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Swine Influenza April 30, 2009 Bill Mason, MD Jill Hoffman, MD Dawn England, MPH. Overview. Review what is currently known about Swine Influenza Discuss Infection Control for Swine Influenza. Swine Influenza. Respiratory disease of pigs caused by type A influenza viruses

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Swine influenza april 30 2009 bill mason md jill hoffman md dawn england mph

Swine Influenza

April 30, 2009

Bill Mason, MD

Jill Hoffman, MD

Dawn England, MPH


Overview
Overview

  • Review what is currently known about Swine Influenza

  • Discuss Infection Control for Swine Influenza


Swine influenza
Swine Influenza

  • Respiratory disease of pigs caused by type A influenza viruses

  • Swine influenza A (H1N1) virus is contagious and is spreading from human to human

  • Not known how easily the virus spreads between people



Signs symptoms
Signs & Symptoms

  • Signs & Symptoms:

    • Fever

    • Cough

    • Sore throat

    • Body Aches

    • Headache

    • Chills

    • Fatigue

    • Diarrhea and vomiting in some


Clinical findings of influenza

Adults

Abrupt onset

Fever

Myalgia

Headache

Severe malaise

Cough

Sore throat

Rhinitis

MMWR 2003; 52#RR8:2-3

Children

Abrupt onset

Fever 89-94%

Cough 60-67%

Rhinorrhea 56-66%

Vomiting 17-19%

Diarrhea 8-9%

Headache 23-24%

Myalgia 6-15%

Otitis media 19-26%

Clin Infect Dis 2003;36:299-302

Clinical findings of influenza


Clinical findings of influenza1

Adults

I.P.: 1-4 days

Infectious: day –1 to +5

Children

I.P.: 1-4 days

Infectious: day –4 to + 10

Clinical findings of influenza


Infectious period
Infectious Period

  • Persons with swine influenza A should be considered contagious for up to 7 days following onset of illness

  • Children may be contagious for longer periods

    * CDC Guidelines, Interim Guidance for Infection Control for Care of Patients with Confirmed/Suspected Swine Influenza in a Healthcare Setting. April 27, 2009.


Diagnostic testing
Diagnostic Testing

  • Interim Recommendations for Testing (per LADPH)Clinicians should consider swine influenza infection in the differential diagnosis of patients with:

    • Influenza-like illness (ILI) defined as fever ≥37.8ºC (100ºF) and a cough and/or sore throat AND one of the following:

      • Are a contact to a confirmed swine influenza case

      • Are part of a cluster of people reported with ILI

      • Traveled to affected areas in the 7 days preceding illness

      • Were in contact with persons with ILI who were in affected areas during the 7 days preceding illness onset

      • Are hospitalized with ILI or pneumonia


Infection control of swine influenza
Infection Control of Swine Influenza

  • Patients suspected or confirmed status will be placed in single patient rooms, on AIRBORNE isolation, with the door closed

    • Gown/Glove/N95

  • Patients/Visitors must wear a surgical mask when outside patient room

    • Encourage hand hygiene, respiratory hygiene

  • No one under the age of 16 is allowed to visit

  • No one with s/s of ILI is allowed to enter hospital

  • Routine cleaning and disinfection strategies used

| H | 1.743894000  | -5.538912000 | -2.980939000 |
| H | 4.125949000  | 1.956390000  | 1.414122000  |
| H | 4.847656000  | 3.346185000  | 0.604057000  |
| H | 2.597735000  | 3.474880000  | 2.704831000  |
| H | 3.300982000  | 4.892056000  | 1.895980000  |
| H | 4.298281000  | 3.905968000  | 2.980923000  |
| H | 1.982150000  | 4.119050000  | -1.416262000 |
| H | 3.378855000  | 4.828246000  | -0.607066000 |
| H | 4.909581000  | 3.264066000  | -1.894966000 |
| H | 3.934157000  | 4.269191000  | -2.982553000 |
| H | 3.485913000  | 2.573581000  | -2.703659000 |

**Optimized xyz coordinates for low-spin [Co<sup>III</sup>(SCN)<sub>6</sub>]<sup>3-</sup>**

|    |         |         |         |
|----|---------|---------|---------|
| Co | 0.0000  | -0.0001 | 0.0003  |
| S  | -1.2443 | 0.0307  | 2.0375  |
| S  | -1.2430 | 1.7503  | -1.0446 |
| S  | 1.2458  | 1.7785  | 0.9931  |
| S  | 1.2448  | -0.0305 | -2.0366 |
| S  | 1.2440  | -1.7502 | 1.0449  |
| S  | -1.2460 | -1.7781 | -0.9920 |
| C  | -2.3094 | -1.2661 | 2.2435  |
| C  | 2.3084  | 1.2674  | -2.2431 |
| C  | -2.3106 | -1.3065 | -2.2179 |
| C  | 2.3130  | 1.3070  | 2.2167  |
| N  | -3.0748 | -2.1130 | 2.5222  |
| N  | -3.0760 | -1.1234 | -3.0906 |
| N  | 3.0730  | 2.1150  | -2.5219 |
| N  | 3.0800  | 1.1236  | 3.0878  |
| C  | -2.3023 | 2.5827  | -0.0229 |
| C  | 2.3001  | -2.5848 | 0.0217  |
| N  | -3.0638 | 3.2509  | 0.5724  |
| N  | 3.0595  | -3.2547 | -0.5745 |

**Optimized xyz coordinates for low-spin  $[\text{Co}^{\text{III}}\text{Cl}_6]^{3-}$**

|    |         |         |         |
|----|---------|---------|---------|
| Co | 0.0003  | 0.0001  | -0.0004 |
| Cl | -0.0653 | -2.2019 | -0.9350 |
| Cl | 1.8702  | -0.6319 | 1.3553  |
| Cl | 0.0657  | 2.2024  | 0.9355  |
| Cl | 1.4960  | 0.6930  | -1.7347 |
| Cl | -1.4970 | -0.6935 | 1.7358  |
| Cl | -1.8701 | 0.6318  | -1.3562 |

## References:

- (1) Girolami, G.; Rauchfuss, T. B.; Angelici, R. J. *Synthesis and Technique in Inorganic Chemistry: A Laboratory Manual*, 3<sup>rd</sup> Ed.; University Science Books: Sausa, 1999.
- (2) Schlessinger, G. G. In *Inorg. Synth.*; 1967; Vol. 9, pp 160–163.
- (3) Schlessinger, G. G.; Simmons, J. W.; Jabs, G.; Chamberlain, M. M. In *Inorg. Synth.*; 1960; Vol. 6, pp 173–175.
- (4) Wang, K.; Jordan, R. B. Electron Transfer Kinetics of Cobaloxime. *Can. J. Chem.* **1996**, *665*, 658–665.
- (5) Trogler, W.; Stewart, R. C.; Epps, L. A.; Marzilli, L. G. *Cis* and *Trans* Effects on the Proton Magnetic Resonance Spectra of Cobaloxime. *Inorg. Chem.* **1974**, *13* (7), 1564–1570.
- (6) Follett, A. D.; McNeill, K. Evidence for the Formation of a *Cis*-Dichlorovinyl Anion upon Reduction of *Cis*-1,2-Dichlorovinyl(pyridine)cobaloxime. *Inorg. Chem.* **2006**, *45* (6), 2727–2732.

*CDC Guidelines, Interim Guidance for Infection Control for Care of Patients with Confirmed/Suspected Swine Influenza in a Healthcare Setting. April 27, 2009.


Infection control of swine influenza1
Infection Control of Swine Influenza

  • Personnel providing direct patient care for suspected or confirmed cases should wear a N-95 respirator

  • Hand Hygiene

  • Respiratory Hygiene

  • Encourage staff to stay home if showing signs or symptoms


Infection control of swine influenza2
Infection Control of Swine Influenza

  • Communication

    • Daily from the CDC, State/Local health departments on epidemiology and infection control

      • Where applicable, emailed to all CHLA staff and posted on Intranet

      • Direct care staff receive additional emails

    • Conference call with LA County Department of Public Health every day

    • Infection Control staff attend daily briefings with ED each morning and update PCS at bed huddle twice daily


Infection control of swine influenza3
Infection Control of Swine Influenza

  • Communication (continued)

    • Distribution of CDC, Swine Flu FAQ (Frequently Asked Questions) flyers to all inpatient units

      • Available on Intranet

  • Inventory

    • Increased number of rapid flu assays in house

    • Ensure adequate supply of hand gels, soaps, gowns, gloves and masks on units and in materials management

    • Determined counts of Tamiflu in house

  • Pandemic Planning


Pandemic influenza
Pandemic Influenza

  • Caused by new influenza viruses that have adapted to humans

  • Criteria for a pandemic influenza virus:

    • Novel influenza A strain

    • Little or no immunity in population

    • Person-to-person transmission with disease


Current who phase of pandemic alert
Current WHO Phase of Pandemic Alert

Phase 4 indicates a significant increase in risk of a pandemic but does not necessarily mean that a pandemic will definitely occur.


Impact of influenza pandemics
Impact of influenza pandemics:

  • 1918-1919 Spanish Flu

    • 20-40 million deaths worldwide

    • At least 550,000 deaths in US

  • 1957-1958 Asian Flu

    • ~70,000 US deaths

  • 1968-1969 Hong Kong Flu

    • ~34,000 US deaths


Potential impact in the us
Potential Impact in the US

Moderate Severe

(1958-59) (1918-like)

Illness 90 million 90 million

Outpatient care 45 million 45 million

Hospitalization 865,000 9,900,000

ICU Care 128,750 1,485,000

Ventilation 64,875 742,500

Deaths 209,000 1,903,000